Patient rights are granted to every patient and upheld by nurses. One of the most important patient rights nurses are responsible for is ensuring patient confidentiality and maintaining patient privacy. This not only means providing a therapeutic, private space for the patient while they receive care but also keeping patient information confidential and only sharing with other healthcare providers on a need-to-know basis such as being involved in the patient’s care. Nurses must also maintain performance standards of their profession such as completing required training, licensure, and being involved in policies designed to protect patients and minimize their risks. Promoting a culture of safety is not only beneficial for patients but also for coworkers and organizations to get the best outcomes.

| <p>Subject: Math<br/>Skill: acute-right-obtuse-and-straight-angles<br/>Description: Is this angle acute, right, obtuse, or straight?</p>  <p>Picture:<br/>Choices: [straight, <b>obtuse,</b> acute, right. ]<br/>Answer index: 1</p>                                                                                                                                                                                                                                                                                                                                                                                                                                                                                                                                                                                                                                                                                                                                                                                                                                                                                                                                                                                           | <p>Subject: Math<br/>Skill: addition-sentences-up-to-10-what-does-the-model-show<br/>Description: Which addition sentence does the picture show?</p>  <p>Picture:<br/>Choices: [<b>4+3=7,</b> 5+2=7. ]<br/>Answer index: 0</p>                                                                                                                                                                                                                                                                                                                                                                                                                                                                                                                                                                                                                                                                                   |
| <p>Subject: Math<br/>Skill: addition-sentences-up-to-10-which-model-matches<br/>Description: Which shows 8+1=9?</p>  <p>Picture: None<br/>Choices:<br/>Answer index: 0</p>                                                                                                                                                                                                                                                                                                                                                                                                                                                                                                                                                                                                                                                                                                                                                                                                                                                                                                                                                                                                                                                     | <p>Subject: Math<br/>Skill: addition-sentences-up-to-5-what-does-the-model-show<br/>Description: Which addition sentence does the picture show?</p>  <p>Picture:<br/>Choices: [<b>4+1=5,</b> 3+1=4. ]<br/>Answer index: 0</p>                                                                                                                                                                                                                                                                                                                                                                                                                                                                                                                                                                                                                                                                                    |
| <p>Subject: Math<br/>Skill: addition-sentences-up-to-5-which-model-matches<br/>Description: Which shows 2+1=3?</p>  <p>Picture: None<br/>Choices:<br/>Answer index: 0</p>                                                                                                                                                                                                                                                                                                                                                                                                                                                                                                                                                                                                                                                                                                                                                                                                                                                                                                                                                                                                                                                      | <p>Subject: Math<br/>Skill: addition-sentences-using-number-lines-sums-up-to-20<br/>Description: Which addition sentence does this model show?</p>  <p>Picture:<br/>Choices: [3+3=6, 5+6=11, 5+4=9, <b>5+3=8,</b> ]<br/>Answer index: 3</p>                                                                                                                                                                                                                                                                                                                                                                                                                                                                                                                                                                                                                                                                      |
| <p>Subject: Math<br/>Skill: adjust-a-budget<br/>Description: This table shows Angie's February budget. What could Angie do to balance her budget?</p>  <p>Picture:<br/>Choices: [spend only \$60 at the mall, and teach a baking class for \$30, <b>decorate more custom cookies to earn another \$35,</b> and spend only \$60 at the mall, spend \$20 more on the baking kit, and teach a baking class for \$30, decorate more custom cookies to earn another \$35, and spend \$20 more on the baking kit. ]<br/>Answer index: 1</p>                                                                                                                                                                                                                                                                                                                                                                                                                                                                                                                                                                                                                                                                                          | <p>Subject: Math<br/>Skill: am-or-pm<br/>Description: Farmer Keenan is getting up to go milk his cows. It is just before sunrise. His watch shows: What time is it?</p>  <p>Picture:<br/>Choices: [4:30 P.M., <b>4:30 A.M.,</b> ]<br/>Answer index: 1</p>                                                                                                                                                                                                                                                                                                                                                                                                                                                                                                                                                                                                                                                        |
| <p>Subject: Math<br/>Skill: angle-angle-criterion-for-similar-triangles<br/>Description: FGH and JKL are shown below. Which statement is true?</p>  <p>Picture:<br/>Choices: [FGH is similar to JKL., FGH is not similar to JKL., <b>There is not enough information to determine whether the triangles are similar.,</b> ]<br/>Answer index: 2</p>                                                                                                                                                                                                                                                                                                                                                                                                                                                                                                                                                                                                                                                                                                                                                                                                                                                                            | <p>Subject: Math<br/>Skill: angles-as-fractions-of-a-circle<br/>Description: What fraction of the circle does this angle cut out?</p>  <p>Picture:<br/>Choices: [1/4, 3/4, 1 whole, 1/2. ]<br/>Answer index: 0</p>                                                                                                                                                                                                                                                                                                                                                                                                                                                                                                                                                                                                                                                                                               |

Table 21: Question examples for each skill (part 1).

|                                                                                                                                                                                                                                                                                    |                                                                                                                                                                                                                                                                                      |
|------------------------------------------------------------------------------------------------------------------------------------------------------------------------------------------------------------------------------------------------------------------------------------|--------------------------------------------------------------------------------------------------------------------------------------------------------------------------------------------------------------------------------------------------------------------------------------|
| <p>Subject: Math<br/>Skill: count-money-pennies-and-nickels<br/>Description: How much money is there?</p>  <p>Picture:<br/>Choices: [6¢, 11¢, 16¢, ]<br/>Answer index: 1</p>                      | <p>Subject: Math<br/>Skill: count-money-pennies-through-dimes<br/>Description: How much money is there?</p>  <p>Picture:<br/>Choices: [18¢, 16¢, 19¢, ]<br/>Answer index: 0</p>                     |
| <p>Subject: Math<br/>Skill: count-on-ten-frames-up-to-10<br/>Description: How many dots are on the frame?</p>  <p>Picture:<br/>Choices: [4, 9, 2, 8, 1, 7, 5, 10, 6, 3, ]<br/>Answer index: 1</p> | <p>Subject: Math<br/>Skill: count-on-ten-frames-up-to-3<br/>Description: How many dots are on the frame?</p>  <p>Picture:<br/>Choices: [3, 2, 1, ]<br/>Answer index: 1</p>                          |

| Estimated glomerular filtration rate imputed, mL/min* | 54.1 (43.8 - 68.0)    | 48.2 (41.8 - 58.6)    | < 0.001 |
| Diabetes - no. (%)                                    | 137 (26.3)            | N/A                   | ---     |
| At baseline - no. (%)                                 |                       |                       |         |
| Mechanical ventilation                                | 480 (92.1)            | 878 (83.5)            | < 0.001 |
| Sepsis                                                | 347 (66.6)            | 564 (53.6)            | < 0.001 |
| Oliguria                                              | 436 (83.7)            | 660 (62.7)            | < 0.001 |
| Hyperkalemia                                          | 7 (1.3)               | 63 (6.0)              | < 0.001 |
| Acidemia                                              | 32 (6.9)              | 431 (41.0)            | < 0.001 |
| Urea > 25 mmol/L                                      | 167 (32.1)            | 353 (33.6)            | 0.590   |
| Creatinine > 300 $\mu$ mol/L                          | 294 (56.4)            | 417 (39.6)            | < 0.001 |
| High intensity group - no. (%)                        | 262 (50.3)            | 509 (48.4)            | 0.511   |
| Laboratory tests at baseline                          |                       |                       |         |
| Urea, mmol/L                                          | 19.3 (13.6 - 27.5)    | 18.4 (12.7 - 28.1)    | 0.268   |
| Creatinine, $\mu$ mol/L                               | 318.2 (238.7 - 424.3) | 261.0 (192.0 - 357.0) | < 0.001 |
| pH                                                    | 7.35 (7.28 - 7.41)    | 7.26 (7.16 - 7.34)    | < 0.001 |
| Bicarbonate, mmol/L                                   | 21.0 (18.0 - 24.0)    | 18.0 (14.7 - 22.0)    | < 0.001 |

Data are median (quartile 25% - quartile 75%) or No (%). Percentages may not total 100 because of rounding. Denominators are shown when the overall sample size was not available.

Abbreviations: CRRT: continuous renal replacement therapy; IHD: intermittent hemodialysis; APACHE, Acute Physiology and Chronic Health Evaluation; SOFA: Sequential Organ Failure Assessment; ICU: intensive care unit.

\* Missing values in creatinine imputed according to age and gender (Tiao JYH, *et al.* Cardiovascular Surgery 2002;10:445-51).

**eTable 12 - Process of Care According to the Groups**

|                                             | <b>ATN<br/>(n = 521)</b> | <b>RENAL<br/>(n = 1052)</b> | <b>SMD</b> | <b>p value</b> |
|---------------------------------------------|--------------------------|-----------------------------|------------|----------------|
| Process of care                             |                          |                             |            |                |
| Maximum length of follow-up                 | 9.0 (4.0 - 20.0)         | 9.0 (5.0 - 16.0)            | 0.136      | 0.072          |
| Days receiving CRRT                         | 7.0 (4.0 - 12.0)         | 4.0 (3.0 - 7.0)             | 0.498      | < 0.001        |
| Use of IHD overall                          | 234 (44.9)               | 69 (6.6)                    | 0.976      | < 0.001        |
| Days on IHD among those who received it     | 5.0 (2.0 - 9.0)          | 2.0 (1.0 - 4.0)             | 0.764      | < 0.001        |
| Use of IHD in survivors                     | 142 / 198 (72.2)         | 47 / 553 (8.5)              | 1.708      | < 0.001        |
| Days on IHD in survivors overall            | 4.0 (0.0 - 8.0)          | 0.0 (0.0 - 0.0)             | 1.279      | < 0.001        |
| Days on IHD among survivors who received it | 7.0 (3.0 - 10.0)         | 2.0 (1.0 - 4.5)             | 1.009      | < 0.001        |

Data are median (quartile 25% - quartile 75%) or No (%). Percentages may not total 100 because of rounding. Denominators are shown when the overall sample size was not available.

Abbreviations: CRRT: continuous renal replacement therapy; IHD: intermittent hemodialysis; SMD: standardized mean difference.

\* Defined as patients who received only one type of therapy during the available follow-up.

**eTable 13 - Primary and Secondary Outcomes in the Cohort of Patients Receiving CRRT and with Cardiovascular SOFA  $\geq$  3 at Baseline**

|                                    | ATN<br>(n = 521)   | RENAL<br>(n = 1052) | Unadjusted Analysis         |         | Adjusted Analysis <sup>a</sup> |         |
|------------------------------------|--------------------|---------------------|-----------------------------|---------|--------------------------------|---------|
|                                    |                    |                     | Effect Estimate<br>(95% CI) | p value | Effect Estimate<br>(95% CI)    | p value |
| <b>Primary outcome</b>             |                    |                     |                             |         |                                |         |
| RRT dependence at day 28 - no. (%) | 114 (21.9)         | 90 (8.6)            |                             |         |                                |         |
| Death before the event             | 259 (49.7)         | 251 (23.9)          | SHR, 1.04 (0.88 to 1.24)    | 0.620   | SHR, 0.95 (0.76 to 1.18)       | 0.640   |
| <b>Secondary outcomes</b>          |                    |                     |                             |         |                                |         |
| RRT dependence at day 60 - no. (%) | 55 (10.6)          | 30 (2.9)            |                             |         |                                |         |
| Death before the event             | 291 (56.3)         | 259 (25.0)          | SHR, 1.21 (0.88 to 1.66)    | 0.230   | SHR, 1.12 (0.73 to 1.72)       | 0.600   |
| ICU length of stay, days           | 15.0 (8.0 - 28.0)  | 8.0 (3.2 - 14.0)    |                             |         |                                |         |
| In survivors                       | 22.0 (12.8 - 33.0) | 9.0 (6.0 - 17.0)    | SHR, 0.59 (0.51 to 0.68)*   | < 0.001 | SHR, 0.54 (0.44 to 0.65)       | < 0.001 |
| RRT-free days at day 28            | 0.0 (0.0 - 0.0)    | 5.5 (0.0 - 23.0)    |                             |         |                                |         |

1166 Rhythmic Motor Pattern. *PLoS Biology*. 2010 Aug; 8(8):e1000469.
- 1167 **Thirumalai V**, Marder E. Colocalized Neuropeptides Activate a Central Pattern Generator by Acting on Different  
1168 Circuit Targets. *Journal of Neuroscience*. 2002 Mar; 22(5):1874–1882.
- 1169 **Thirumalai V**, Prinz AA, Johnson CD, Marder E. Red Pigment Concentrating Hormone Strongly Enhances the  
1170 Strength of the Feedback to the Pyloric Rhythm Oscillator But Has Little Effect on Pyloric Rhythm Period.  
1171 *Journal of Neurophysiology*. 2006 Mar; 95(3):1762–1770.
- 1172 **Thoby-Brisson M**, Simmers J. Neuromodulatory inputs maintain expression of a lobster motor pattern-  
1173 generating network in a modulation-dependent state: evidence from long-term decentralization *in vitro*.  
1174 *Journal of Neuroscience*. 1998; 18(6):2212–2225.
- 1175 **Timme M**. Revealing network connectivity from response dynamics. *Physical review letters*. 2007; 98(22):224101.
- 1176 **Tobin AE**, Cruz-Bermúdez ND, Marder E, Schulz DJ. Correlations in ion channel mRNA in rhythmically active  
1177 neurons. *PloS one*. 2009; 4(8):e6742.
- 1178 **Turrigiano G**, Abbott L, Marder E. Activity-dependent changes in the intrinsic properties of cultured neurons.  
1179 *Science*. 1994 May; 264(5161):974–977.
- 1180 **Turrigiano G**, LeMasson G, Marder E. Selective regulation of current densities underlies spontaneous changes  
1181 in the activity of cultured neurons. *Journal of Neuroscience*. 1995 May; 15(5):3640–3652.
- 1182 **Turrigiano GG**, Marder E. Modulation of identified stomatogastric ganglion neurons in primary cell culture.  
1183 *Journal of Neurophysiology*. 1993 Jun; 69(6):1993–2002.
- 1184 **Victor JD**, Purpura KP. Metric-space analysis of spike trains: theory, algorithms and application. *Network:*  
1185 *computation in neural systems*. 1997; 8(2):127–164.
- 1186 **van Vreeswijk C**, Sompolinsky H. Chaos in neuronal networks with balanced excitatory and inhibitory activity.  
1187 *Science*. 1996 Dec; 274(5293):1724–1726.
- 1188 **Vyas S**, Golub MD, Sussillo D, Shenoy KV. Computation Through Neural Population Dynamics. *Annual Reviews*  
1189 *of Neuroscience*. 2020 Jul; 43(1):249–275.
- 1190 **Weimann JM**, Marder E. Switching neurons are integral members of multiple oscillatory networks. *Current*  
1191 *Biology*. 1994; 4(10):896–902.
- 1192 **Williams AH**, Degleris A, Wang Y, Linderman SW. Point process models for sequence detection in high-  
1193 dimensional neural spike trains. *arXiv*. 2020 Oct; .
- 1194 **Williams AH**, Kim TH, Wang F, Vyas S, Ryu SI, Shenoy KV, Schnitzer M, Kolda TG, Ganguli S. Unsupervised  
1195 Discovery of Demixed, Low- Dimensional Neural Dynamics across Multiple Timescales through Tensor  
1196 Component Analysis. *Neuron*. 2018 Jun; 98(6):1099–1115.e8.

Nursing students are held to high standards that continue after graduation as you enter the field as a newly licensed nurse. While this provision might seem specific to patient relationships, protecting the rights, health, and safety of others is important for personal relationships as well. Resisting the urge to spread rumors and gossip is very much related. Rumors tend to spread with rapid speed and harm others, often with no basis in fact. Be careful about what information you choose to share with others by asking if the information is relevant and necessary and what the result will be. Remember that words can have far-reaching consequences.